The Black and Tan Terrier
This 1916 dog breed profile believes that this terrier should hold its owner with the popular breeds.
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June 26, 2012
From the Archives of Dog World: Enjoy this all-access pass to dog history from the pages of the longest published dog magazine. This content remains in its original form and reflects the language and views of its time. Health and behavior information evolves and only the most current advice should be followed.
As to the Black and Tan Terrier, the breed has been jogging along in a sort of halfhearted way of late years. Recently, however, it has shown a slight but nevertheless unmistakable rise in popularity and the indications are that it will not be long before it equals, and probably exceeds in numbers the dogs of any previous period.
There is no reason why the Black and Tan should not hold its own with the most popular breeds. He has every recommendation of disposition, form and color. He is one of the most alert and active of dogs, as game as a pebble, an ideal watchman, an unexcelled ratter and all done up in a small package. No dog exceeds him in beauty of outline, and this is enhanced by his sleek coat, with its sheen that the most costly satin does not possess; set off by the rich Tan markings, dainty penciling and thumbing that would puzzle an artist to reproduce.
The age of the breed antedates that of many others. In fact, the Black and Tan is one of the very oldest of Terrier breeds. He was thoroughly established and fully and frequently described by writers of over one hundred years ago. Unlike some other Terrier breeds that time has unquestionably changed, the Black and Tan is still of the same general type, color and characteristics that marked his individuality a century ago. This we know from the early descriptions, prints and paintings of that period. We find that there was also a rough or wire-haired Terrier of the same color that has long since disappeared.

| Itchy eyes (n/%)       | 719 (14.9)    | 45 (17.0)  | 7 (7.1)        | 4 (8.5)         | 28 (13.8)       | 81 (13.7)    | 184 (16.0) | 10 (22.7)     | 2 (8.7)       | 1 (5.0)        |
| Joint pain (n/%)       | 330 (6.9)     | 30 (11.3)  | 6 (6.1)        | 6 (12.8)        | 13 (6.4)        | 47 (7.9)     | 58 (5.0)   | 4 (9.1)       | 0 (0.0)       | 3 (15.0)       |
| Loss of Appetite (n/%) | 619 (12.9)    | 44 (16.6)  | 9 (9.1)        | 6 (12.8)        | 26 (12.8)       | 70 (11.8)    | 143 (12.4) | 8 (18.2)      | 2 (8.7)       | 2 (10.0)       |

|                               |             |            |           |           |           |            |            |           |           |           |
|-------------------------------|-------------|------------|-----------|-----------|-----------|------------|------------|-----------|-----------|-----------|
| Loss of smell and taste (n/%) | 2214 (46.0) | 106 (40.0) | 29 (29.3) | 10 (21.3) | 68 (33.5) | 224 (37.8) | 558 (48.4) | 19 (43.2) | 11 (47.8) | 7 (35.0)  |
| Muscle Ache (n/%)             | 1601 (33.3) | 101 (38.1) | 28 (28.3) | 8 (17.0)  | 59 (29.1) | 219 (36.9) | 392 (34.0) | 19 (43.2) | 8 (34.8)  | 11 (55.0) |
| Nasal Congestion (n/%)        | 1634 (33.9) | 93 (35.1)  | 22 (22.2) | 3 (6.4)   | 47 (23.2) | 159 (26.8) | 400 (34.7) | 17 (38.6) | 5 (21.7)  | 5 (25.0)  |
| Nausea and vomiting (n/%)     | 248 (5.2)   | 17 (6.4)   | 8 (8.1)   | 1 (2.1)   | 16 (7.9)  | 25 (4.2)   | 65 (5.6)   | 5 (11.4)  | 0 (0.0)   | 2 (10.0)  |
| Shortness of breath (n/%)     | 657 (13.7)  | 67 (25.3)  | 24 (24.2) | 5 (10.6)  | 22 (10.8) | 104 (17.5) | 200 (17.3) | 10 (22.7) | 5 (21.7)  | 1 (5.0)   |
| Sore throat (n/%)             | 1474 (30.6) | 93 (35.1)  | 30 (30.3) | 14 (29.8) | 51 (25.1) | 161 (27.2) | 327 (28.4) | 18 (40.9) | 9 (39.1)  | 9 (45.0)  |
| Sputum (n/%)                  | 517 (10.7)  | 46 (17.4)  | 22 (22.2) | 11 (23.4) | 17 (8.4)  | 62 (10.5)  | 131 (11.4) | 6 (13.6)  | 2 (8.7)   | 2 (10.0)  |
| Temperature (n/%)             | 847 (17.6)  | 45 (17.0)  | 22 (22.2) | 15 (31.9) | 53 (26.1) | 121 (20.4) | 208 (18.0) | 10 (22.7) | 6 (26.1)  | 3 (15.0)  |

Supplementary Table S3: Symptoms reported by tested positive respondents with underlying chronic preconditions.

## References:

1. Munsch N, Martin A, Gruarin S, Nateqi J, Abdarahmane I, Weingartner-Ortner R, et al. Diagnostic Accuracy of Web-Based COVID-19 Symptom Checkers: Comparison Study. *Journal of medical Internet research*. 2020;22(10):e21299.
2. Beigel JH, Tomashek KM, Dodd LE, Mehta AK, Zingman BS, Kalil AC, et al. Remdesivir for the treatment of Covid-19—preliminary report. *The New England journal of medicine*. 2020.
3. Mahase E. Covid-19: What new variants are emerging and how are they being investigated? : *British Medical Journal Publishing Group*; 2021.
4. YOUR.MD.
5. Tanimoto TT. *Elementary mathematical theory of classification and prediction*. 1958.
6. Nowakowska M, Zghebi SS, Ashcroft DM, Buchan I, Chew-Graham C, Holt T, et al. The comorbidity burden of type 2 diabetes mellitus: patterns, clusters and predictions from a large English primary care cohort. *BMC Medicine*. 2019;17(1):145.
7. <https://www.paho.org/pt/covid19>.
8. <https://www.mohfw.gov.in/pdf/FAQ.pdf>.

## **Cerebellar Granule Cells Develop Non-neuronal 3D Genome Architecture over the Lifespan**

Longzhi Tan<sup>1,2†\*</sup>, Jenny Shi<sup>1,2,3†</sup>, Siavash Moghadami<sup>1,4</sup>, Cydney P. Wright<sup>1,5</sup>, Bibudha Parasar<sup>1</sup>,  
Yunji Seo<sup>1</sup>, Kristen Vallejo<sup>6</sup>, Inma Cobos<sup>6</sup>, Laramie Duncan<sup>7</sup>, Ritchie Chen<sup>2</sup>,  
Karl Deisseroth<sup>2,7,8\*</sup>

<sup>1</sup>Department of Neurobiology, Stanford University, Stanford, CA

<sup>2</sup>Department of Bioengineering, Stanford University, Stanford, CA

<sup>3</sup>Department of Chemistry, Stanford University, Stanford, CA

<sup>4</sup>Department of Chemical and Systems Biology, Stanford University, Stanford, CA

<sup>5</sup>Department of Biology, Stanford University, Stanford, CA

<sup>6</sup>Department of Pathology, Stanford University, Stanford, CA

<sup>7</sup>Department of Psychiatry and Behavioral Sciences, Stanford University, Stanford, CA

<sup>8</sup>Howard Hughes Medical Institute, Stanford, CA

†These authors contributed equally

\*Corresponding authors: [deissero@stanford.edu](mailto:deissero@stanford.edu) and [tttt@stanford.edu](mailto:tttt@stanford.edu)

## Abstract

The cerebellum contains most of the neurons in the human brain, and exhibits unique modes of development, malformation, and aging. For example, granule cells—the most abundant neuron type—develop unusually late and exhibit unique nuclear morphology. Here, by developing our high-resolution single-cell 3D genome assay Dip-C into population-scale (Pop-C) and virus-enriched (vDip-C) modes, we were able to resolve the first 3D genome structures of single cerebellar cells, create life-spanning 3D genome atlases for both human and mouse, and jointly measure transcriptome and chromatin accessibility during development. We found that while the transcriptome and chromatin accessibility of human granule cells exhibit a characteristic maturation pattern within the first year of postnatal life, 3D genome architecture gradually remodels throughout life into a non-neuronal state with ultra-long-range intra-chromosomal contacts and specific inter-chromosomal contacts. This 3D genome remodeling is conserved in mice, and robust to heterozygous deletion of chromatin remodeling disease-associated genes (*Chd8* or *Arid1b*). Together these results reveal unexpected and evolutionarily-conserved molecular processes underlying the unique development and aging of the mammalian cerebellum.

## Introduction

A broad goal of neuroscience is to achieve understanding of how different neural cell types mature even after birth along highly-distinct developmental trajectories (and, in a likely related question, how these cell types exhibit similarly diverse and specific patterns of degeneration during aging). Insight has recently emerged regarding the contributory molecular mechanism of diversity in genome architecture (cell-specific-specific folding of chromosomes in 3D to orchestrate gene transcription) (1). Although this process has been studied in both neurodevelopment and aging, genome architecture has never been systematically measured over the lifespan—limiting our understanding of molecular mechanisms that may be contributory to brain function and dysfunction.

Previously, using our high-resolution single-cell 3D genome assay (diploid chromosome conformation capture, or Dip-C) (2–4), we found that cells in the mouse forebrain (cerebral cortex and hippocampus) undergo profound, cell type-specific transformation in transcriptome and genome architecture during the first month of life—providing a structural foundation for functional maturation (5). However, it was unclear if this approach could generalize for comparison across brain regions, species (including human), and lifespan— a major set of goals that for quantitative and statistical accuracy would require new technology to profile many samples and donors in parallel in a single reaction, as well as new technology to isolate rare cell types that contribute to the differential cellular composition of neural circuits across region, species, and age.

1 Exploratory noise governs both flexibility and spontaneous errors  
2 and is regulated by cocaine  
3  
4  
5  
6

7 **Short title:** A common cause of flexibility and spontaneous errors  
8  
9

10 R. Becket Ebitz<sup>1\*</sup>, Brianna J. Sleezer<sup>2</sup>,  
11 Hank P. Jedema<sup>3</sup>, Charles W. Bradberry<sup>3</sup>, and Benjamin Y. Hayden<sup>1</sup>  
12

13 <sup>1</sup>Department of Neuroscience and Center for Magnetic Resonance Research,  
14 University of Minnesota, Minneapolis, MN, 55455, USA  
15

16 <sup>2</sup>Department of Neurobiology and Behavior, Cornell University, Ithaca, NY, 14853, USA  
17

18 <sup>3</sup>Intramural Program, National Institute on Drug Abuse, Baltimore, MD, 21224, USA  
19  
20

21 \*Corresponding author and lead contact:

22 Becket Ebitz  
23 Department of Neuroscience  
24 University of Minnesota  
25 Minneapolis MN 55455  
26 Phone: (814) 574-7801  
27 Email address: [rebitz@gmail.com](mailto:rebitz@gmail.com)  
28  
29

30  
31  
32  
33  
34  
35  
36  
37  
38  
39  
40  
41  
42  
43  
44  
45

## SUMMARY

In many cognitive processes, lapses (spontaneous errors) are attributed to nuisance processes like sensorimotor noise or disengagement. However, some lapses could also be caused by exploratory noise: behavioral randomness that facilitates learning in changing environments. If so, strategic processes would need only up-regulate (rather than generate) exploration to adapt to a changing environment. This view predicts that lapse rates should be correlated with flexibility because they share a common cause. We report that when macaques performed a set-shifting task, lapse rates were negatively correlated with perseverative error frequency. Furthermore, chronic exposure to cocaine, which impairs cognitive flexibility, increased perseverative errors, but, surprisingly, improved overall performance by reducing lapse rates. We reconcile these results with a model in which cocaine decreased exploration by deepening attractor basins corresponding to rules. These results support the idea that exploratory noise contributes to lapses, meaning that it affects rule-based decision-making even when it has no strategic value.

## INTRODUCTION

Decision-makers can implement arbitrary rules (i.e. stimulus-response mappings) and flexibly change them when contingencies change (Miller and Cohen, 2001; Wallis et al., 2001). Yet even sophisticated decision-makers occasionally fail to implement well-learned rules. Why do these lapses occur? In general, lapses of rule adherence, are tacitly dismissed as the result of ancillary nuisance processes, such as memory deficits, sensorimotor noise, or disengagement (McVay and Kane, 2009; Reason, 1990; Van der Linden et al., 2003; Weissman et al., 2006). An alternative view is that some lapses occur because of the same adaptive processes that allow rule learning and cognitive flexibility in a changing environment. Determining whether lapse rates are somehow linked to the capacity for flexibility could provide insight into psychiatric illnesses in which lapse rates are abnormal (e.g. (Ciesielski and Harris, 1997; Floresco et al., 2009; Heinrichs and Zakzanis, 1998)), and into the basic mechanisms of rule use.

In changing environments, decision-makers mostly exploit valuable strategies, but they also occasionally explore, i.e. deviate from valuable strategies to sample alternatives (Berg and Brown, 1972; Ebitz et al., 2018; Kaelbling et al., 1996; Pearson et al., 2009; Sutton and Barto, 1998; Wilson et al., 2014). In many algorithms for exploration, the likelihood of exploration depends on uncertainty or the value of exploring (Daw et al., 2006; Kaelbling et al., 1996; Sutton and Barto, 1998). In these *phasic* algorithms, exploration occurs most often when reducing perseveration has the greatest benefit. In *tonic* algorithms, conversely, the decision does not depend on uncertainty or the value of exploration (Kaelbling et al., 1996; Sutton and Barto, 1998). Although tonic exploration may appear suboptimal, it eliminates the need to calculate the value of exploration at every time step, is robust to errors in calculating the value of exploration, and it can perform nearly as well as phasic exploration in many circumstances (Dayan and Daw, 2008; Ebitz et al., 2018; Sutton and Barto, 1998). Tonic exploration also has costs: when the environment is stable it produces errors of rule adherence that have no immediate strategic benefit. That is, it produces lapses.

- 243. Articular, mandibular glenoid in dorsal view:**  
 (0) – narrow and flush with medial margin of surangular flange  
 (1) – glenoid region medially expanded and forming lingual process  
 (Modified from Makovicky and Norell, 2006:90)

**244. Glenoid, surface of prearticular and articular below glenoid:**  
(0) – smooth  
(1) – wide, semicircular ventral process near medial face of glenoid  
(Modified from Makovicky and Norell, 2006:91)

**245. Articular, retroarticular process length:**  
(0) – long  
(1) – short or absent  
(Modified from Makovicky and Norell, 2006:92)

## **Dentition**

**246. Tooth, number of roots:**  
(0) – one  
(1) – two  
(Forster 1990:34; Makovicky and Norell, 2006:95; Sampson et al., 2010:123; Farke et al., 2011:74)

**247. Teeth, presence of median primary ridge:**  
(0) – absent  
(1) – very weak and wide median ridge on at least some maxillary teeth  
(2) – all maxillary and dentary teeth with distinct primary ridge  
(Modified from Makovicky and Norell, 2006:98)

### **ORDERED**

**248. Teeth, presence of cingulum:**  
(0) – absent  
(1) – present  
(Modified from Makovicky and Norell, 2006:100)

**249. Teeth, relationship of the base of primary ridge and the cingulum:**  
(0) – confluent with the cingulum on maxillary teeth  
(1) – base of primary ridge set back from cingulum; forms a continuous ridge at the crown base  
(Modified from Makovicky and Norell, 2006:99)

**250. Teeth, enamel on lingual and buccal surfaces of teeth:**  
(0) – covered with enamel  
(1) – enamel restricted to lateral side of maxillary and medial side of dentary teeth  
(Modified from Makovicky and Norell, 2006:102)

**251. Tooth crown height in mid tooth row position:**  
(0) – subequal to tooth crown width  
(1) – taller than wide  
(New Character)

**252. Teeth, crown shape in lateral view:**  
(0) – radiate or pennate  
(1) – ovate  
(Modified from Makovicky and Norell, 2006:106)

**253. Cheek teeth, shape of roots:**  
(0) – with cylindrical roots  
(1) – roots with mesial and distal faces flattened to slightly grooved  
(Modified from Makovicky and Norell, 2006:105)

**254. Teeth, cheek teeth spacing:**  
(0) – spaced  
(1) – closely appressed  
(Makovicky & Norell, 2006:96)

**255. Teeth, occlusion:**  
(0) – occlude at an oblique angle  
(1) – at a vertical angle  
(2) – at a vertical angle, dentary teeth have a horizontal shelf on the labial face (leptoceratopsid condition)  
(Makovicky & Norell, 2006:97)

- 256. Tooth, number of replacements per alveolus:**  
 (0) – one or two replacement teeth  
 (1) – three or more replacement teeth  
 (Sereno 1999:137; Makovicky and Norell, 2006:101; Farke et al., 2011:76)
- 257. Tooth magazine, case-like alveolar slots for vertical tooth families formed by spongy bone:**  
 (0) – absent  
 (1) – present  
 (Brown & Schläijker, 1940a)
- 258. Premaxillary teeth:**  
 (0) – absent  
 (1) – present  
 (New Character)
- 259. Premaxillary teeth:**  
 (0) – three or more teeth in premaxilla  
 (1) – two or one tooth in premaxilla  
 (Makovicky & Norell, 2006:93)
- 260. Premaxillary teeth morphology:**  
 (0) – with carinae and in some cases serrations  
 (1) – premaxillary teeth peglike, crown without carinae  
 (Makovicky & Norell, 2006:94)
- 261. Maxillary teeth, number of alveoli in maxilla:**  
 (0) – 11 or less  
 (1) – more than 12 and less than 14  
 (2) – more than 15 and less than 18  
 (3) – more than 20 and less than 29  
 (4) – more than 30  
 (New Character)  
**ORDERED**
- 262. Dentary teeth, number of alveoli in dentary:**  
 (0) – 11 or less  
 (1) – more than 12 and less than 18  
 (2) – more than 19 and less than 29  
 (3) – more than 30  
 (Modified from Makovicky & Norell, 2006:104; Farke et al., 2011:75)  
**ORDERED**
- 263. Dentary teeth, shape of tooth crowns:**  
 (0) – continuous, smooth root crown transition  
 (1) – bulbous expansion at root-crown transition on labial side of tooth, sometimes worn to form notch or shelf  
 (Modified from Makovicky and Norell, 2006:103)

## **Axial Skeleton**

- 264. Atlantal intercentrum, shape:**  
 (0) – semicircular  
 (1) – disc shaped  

In 1803 Daniel wrote that “No species of dog will fight the Badger so resolutely and fairly as Terriers, of which there are two kinds; the one is rough, short-legged and long-backed, very strong and most commonly of a black or yellowish color mixed with white; the other is smooth-haired and beautifully formed, having a shorter body and more sprightly appearance, is generally of a reddish-brown color or black, with tanned legs.
Another well-known writer of about that time was Captain Brown, who gives a more detailed description and one that would fit the dogs of the present day. He says, “This is a handsome, sprightly dog and generally black on his back, sides, upper part of his head, neck and tail; the belly and throat are of a very bright reddish brown, with a spot of the same color over each eye. The hair is short and somewhat glossy, the tail rather trunicated and carried slightly upwards, the ears are small, somewhat erect and reflected at the tips, the head is little in proportion to the size of the body, and the snout is moderately elongated. This dog, though but small, is very resolute and is determined enemy to all kinds of game and vermin, in pursuit and destruction of which he evinces an extraordinary and untaught alacrity. Some of the larger English Terriers will even draw a badger from his hole.
Minatures or Toy exactly the same only under 8 pounds in this country in Canada and England under 7 pounds.
Excerpted from Dog World magazine, December 1916, Vol. 1, No. 12. For back issues of Dog World, click here.
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